GDP = Consumption + Investment + Government + (Exports - Imports). Consumption spending by individuals, by far the largest portion of GDP (ÃÂ± 70%), includes goods and services used up in a relatively short period of time. These are goods and services which people buy on a regular basis, such as food, entertainment, rent, clothes, and gas. Investment spending accounts for the second largest portion of GDP (ÃÂ± 15%). These are goods and services that will provide future benefits and allow for greater production in the long-run. Examples are spending on factories, equipment, research and development, and new houses. Net Exports is calculated by subtracting imports, or those goods we buy from abroad (ÃÂ± 14%), from exports, or those goods other countries buy from us (ÃÂ± 10%).
Consumption spending is influenced foremost by disposable income (income after taxes). As disposable income rises, consumption rises; as disposable income falls, consumption falls.
Thus, higher tax rates would reduce disposable income and cause consumption spending to fall. A second part of consumption, autonomous spending, doesn't depend on current income. People without incomes will borrow or withdraw from past savings (wealth) to pay for necessities. Autonomous consumption depends on expectations of future income, future economic conditions, wealth, and interest rates. If people expect a future raise, predict a healthy economy, or have more wealth, they will likely consume more. If interest rates increase, borrowing becomes more expensive and the opportunity cost of not leaving money in the bank rises. Thus, higher interest rates will cause most people to save more and consume less.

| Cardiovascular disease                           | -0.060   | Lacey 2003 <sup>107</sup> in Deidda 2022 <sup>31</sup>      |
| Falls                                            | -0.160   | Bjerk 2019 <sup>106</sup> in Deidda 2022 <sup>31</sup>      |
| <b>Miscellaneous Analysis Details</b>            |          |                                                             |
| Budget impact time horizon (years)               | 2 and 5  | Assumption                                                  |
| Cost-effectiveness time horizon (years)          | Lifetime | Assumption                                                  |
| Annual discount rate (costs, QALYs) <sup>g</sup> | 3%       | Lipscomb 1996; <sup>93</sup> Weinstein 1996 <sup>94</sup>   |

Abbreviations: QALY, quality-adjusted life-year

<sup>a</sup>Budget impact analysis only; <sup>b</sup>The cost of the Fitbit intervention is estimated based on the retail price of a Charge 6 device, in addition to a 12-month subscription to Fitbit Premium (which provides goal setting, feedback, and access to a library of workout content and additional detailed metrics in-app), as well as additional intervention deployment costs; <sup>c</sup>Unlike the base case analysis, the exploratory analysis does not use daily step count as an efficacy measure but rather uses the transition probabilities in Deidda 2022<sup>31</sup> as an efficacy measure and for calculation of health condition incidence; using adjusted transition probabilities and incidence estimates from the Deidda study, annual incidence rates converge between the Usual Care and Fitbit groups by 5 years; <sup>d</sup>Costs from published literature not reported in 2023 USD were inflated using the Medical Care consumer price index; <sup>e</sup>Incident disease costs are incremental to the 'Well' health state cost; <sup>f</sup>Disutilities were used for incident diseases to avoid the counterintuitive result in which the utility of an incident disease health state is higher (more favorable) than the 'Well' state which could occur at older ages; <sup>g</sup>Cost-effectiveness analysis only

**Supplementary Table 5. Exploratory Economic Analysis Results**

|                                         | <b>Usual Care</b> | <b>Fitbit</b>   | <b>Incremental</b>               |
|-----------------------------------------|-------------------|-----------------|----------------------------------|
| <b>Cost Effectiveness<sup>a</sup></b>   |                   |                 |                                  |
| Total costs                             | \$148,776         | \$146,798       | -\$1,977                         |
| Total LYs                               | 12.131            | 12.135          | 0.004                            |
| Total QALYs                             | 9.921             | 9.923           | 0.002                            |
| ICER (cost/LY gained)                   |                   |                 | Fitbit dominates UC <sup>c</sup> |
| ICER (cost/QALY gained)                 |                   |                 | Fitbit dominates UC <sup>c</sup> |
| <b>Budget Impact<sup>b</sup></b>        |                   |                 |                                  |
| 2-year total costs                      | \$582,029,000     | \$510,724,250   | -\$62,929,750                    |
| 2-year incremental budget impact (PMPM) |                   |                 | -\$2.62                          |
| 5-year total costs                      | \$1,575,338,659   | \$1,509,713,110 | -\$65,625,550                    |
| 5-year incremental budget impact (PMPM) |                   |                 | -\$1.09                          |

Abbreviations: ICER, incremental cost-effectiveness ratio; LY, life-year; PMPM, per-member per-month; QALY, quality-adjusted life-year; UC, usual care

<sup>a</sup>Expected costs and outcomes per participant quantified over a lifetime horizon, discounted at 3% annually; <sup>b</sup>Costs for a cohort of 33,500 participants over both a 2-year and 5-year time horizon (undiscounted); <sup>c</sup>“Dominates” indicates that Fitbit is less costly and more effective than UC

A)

Businesses invest because they think it will increase profits and lower costs. Thus, investment spending is determined by expectations of future revenues, costs, and economic conditions. If people begin spending more, businesses will have incentives to increase production capabilities. To do...